Weighing out portions, though less scientific, proves challenging. We use a digital scale to get as close to 130g per bagel as possible. If there’s too much, the inside will remain uncooked. Not enough, the inside gets overdone. It’s enough to make a stereotypically neurotic Jew start shvitzing . My first stab with the combination dough-cutter/bench-scraper yields 87g. I add some dough: 112g. Then a bit more: 121g. Finally, I get to 131g. By the sixth bagel, I’m Fucking. Killing. It.
For obvious reasons, the most fun and important part of baking bagels involves the hole. I’d always assumed you simply rolled the dough and attached the two ends. Wrong. If the ends aren’t married properly, they’ll separate in the oven. And, man, why would you ever want to eat a “C”?
I lay the back of my hand flat on a rolled-out, 130g hunk. Using my thumb to hold one tail, I roll my hand over, bringing the two tails together under my palm. From there, a few pushes and pounds at a 45-degree angle fully melds the ends. Granting the bagel its distinctive bagel-ness is actually quite thrilling. Derived from the German for “bracelet” or “ring,” the bagel became a symbol of good luck in Eastern Europe. That hole also proved useful for marketing and transport, Danny tells me. Bakers are said to have walked the streets carrying long poles adorned with tall stacks of bagels. Watching my right hand generate bagel after bagel, I become convinced that some bearded pre-American Leckart surely took advantage of this convenience as he hawked homemade bagels on the streets of a Russian village. The assembly line continues.
On the stove, a large pot of water rolls to a gentle boil. We add a teaspoon of lye (sodium hydroxide), an alkaline that hydrolizes the proteins in the flour and encourages the Maillard reaction once the bagels are in the oven. Translation: lye helps the crust brown, providing a certain flavor, look, and consistency. (Pretzels require a higher ratio of lye to water.)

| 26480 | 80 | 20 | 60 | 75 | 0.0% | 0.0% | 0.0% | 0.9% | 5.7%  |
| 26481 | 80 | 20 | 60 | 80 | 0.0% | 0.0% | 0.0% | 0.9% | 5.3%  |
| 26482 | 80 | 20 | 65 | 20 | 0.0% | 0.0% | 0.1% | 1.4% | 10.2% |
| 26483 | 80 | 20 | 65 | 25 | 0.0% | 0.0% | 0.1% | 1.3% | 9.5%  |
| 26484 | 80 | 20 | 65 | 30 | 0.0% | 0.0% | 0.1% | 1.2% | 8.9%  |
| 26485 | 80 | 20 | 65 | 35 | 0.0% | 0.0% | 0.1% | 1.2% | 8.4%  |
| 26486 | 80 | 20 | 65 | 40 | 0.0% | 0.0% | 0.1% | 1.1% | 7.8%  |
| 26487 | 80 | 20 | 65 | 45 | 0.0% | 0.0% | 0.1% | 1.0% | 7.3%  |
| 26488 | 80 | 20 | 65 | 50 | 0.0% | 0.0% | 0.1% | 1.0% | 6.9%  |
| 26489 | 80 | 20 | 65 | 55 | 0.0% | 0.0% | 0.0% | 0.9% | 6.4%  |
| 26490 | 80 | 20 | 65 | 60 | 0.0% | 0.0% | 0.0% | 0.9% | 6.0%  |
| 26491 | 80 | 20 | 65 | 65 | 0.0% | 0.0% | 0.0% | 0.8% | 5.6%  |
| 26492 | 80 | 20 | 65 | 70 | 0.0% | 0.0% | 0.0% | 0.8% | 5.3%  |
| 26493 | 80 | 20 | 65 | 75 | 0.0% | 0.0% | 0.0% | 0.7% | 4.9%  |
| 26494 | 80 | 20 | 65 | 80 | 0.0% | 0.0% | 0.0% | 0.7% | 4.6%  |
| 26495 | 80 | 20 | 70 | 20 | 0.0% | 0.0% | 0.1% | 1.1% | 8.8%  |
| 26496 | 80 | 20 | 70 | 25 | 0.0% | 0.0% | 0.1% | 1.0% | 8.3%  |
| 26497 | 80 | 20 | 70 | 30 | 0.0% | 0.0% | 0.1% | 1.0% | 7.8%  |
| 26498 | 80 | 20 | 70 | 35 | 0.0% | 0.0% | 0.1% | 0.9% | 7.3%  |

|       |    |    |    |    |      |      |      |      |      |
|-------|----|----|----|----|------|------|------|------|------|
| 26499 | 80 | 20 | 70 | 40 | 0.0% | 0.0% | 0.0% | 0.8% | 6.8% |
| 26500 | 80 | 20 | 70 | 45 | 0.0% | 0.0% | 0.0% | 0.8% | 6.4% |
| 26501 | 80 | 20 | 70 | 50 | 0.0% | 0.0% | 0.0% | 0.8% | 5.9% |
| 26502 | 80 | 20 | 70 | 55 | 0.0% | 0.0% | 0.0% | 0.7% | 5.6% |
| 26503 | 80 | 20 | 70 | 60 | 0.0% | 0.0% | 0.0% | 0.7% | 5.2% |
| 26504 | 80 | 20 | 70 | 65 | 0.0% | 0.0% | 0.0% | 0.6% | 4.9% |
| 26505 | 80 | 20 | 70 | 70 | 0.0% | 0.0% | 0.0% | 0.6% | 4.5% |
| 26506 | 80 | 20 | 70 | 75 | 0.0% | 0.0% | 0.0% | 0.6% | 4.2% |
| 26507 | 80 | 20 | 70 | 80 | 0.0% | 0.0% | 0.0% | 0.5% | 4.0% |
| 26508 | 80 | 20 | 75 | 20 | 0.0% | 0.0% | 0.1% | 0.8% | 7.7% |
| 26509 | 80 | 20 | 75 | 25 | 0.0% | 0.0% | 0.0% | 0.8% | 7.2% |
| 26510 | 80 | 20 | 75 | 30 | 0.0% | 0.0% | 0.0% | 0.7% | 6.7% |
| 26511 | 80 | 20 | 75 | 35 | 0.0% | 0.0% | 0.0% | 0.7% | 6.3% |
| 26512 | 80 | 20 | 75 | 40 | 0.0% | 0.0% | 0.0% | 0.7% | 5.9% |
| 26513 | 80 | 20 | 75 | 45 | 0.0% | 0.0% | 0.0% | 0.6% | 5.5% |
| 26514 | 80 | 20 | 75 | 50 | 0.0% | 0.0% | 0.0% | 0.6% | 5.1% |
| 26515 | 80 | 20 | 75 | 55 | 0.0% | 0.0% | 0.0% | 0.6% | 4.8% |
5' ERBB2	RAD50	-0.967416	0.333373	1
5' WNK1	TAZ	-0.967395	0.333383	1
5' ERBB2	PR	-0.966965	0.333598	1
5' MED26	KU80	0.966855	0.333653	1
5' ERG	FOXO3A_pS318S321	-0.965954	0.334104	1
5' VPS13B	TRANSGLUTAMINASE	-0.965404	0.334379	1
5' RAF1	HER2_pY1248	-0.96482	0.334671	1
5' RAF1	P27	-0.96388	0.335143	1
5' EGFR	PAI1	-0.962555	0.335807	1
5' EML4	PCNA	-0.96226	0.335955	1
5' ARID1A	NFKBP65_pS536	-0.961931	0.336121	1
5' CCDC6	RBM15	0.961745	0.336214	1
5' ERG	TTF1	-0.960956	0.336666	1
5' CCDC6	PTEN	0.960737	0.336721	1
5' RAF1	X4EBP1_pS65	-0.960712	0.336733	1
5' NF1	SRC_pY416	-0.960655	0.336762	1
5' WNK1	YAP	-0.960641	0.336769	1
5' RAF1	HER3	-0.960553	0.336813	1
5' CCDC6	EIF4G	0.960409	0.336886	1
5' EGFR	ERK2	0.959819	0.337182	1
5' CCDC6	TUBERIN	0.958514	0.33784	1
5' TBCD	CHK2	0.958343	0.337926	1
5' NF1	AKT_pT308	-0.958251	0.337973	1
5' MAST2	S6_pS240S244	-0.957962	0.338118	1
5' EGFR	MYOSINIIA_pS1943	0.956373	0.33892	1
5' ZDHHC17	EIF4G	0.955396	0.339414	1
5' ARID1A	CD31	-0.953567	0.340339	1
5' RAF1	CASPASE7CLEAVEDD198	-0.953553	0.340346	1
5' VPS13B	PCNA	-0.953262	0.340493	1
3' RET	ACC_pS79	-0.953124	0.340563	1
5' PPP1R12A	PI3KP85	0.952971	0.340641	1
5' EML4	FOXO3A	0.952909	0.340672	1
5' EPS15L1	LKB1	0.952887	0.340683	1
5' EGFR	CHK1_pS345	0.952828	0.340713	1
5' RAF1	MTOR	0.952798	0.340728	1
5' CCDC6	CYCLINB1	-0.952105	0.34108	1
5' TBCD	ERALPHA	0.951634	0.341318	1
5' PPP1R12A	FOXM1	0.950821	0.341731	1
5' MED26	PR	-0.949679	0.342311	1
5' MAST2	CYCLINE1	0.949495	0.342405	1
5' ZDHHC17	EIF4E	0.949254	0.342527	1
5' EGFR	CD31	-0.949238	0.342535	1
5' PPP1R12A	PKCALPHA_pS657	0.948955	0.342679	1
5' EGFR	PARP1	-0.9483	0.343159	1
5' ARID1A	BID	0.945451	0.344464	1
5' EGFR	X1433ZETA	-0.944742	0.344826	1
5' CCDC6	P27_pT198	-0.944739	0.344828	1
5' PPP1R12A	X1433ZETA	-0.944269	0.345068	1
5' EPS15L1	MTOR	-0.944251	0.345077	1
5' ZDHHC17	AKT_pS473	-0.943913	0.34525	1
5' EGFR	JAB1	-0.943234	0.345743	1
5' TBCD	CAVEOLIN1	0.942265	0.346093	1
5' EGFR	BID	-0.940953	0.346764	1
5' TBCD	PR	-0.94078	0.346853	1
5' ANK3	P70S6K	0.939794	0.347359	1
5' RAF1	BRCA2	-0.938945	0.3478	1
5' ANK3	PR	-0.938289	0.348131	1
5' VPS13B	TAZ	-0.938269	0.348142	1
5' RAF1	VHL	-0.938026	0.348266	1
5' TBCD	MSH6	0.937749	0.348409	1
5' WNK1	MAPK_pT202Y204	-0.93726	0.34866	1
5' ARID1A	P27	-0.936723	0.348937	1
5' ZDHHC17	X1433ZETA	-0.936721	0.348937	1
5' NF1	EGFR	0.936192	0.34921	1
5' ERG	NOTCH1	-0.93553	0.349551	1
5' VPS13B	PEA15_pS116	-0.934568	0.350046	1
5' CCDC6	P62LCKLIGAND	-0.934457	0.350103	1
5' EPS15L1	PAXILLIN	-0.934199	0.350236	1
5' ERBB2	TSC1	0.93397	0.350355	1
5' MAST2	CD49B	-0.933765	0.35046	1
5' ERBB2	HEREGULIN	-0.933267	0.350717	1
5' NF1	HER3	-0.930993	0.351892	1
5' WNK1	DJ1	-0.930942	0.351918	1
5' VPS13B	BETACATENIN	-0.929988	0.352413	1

I drop in the first batch of 10 bagels. Each sinks, then floats to the surface after about 30 seconds. They begin to puff up. We flip them over to ensure they’ll brown evenly in the oven, then use a spatula to place them on a pan. I dash salt on a few, carefully sprinkle dried garlic on a couple more, and poppy-seed-bomb the shit out of the rest.
Inside the oven, a FibraMent stone has been preheated to 530°F. Thicker than your average pizza stone, this 3/4-inch rectangle conducts more heat and costs about $70 online (or you can have oven stones cut to your own specs from places like Broadmoor Landscape Supply . Each bagel sizzles as it hits the stone. Danny defaults to handling this step. Coloring his forearms are burn scars left from grazing the roof. It’s not that I’m a klutz or don’t have the chutzpah to risk an oven tattoo. I just don’t want to get in his way like an absolute putz .
We shut the oven and return to cutting, rolling, and boiling the remaining batches. A wonderful smell begins to permeate the kitchen. Ten minutes later, the first 10 are browned and ready. Two hours later, I’m sitting in Danny’s backyard watching steam rise from the inside of a garlic bagel, as he explains the intricacies of keeping the sourdough starter on a regular feeding schedule. I pause from listening to indulge in a well-earned and altogether more enlightened nosh.
Take a bagel-making class via Sour Flour. Danny also delivers his homemade organic bagels and cream cheese to homes and offices in San Francisco on Bagel Monday. Or if you’re feeling more adventurous, buy all the necessary ingredients at Rainbow Grocery and try going it alone.